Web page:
TV still a big babysitter at home


Although parents may say TV viewing times should be limited or used to educate their children, a University of Cincinnati study finds that the boob tube is often blaring and disruptive in many households. The new study finds young children are watching TV, videos and other screen media while parents are trying to take care of other tasks in the home.

Principal investigator Sue Schlembach discovered that although parents believed screen media could be used as an important learning tool for their young children, parents rarely use it for that purpose.

The findings come from a questionnaire answered by 21 people that explored parents’ beliefs, attitudes and behaviors into children – aged six months to five years – and screen media, reported PsychCentral.

In the study, researchers explored four areas concerning children and screen time:

–Did parents believe screen media could be an important educational tool?

–Did they believe it was important to watch programs together with their child?

–Did parents use screen time for instructional purposes, set rules or restrictions on screen use, or mainly use it as a monitoring or recreational activity?

–Did parents have a positive, neutral or negative attitude toward children’s screen media use?

Schlembach says her research supported previous national studies that parents may be doing other tasks while young children are watching TV.

Over half of the responders said they left the TV on during meals and 48% indicated that often, the TV was on when no one was really watching.

Schlembach says she was interested in exploring parental attitudes about kids and screen time because she was interested in early childhood development – specifically, young children and implications surrounding the contextual nature of screen use and learning.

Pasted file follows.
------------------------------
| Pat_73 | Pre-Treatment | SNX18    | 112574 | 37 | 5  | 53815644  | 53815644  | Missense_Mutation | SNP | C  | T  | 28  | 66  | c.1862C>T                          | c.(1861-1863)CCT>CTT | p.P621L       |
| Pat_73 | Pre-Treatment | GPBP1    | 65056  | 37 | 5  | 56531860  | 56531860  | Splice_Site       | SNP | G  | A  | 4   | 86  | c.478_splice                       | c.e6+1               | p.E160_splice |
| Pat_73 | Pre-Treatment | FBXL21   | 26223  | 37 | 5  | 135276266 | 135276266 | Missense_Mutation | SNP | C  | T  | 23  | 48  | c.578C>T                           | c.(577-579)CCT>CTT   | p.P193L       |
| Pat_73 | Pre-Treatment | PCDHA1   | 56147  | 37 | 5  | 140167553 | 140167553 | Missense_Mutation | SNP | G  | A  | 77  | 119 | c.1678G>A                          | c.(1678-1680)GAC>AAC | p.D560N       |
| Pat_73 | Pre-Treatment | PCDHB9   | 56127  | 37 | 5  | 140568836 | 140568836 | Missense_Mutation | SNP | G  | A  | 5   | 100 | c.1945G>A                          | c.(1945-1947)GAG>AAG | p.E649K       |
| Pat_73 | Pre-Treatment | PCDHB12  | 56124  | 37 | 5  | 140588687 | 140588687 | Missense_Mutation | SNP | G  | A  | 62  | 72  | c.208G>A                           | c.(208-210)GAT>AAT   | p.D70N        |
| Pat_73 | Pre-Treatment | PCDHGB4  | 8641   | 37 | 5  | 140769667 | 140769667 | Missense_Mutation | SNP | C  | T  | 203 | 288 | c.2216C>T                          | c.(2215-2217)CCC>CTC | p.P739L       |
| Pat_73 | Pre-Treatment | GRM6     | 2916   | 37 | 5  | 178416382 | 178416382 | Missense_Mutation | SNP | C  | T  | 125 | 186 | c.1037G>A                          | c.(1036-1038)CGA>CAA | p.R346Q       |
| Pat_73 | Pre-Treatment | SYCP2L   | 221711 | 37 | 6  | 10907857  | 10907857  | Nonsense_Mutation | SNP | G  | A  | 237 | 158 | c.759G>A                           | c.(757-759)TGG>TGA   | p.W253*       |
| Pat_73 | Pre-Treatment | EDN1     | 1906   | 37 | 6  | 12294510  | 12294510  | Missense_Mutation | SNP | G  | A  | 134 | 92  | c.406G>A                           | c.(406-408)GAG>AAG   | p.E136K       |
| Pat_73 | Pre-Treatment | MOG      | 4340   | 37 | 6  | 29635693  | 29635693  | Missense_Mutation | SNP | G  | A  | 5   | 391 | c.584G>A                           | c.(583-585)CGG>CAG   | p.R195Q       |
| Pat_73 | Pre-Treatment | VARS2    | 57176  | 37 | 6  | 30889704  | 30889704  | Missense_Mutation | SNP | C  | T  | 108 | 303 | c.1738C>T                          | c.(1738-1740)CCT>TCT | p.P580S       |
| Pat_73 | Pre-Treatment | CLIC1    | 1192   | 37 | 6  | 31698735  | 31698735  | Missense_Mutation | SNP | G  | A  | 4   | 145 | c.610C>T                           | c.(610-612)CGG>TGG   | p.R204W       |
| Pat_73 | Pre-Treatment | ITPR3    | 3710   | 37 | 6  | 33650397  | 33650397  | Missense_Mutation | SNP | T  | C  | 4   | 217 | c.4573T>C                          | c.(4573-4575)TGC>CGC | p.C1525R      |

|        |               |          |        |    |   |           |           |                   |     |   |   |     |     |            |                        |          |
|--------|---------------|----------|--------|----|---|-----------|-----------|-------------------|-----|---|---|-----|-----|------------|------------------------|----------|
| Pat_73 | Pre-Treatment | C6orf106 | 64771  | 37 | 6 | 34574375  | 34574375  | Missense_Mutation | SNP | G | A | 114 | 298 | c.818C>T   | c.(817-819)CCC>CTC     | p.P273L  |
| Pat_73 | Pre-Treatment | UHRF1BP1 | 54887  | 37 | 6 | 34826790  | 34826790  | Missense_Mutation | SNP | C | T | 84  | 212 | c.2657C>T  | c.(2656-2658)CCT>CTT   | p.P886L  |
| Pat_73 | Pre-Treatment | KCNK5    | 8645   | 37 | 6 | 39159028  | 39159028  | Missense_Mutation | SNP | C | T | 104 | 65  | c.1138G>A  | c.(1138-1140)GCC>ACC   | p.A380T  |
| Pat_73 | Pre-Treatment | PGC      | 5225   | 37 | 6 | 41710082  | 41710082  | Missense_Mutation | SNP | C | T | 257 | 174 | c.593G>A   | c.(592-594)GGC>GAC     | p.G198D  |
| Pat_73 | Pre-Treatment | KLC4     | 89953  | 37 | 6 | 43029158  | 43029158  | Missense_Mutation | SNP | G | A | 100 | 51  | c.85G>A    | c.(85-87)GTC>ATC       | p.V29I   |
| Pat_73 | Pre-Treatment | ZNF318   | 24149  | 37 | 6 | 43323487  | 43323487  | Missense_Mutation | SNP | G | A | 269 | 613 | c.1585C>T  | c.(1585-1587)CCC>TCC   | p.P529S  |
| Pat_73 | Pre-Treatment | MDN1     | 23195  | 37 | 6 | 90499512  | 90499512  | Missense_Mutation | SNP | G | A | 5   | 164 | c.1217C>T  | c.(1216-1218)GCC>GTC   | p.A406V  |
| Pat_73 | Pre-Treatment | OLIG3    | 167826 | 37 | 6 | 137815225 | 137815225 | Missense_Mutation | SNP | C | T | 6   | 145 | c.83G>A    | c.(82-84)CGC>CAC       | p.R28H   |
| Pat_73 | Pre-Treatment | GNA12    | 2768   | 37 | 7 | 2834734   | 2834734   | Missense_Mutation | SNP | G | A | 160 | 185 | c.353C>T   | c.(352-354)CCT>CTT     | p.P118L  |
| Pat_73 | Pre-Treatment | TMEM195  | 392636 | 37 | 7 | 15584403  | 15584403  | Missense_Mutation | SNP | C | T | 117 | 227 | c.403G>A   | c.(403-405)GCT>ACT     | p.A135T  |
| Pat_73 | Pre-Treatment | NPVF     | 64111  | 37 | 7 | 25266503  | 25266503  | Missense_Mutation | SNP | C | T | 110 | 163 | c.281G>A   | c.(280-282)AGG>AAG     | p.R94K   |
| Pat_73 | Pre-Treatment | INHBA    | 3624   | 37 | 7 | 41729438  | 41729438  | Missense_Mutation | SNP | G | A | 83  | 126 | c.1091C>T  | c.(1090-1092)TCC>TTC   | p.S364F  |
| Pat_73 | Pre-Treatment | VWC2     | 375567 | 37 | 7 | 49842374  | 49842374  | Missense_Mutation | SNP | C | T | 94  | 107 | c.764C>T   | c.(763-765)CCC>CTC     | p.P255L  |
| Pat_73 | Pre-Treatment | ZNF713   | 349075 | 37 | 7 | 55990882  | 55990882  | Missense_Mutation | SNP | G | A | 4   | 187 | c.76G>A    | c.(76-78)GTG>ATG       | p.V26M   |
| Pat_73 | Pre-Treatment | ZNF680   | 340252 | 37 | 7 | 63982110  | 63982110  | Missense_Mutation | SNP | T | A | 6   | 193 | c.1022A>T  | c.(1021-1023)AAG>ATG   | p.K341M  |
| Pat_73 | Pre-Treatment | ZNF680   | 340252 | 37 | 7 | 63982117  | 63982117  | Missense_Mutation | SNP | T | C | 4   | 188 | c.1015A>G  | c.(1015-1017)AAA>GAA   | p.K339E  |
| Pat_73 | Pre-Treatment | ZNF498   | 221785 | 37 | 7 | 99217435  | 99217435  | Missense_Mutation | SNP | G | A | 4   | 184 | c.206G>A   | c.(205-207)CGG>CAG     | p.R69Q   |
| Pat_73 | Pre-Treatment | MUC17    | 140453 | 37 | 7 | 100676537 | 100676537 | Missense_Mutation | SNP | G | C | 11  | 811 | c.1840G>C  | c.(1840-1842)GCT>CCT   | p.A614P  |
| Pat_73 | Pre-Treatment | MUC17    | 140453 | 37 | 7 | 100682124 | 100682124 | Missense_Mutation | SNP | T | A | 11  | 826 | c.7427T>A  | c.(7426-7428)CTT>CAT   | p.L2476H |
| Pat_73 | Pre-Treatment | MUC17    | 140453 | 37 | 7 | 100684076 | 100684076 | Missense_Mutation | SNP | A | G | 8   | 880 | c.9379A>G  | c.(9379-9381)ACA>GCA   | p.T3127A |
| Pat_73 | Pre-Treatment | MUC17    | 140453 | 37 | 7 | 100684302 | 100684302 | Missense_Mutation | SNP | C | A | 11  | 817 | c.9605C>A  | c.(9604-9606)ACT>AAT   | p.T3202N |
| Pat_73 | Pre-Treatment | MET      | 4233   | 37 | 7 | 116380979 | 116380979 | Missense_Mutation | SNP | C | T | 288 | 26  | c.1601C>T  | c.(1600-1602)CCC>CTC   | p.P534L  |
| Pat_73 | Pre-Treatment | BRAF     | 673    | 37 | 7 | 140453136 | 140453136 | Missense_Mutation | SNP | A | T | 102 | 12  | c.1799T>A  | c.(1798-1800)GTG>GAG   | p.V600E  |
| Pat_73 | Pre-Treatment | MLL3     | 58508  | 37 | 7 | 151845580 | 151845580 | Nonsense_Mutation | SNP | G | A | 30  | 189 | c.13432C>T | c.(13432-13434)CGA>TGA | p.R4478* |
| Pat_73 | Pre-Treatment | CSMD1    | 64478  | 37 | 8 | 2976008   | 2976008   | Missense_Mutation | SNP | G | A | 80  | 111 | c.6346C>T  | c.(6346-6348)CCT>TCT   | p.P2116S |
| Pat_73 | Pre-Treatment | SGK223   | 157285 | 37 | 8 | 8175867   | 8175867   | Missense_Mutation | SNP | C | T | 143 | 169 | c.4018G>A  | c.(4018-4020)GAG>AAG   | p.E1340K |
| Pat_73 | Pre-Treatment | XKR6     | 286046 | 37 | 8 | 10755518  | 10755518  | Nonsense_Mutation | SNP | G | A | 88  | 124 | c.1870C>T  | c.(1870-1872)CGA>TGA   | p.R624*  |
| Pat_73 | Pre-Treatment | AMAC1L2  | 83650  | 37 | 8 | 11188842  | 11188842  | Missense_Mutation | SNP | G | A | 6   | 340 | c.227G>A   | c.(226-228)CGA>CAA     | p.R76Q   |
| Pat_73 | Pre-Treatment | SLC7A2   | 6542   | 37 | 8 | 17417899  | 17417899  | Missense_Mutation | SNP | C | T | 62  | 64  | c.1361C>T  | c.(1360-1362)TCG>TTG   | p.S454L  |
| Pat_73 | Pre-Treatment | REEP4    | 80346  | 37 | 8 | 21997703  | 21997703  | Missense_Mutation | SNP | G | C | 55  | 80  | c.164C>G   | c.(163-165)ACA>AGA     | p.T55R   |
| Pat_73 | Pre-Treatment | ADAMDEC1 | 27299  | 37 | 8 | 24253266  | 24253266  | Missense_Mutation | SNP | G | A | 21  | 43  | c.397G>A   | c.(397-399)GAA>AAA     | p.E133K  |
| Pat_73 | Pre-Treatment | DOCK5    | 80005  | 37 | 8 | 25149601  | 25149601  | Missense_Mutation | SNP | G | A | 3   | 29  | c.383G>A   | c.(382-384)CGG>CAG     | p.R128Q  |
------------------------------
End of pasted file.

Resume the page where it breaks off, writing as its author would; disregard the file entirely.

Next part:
The study was also motivated by American Academy of Pediatrics (AAP) recommendations that there should be no screen-media viewing at all for children under age 2, and that for older children, parents should engage in viewing and interacting with their children about the program material.

“This is a study that is certainly not meant to judge people, but rather to educate people about what’s going on at home,” Schlembach said. “For young children, meal time is a really important part of the day. It’s a time for parents to engage in conversation with their children, serve as role models for dining behavior and also build on language and social skills.

Investigators hope the findings will stimulate primary care health providers to discuss screen media time with parents, consistent with the AAP recommendations.

See the PsychCentral story here


  1. A study of 21 surveys is not worth the pixels to report on it – a Facebook post and replies has more validity.

    • Indeed a larger more nationally representative sampling would yield more robust results! More research in the area of young children and their screen media use/exposure is needed. The study was done as an exercise used to provoke thought and conversation regarding the content, context, and the young age children are exposed to and are viewing screen media in the home. Caregivers would do well to establish early on in their child’s life whether the purpose of screen media in the home is to be used for education or for recreation and to monitor their child’s screen time/content. Time spent viewing the screen in isolation may be displacing parent-child interactions vital for healthy growth and development of young children.

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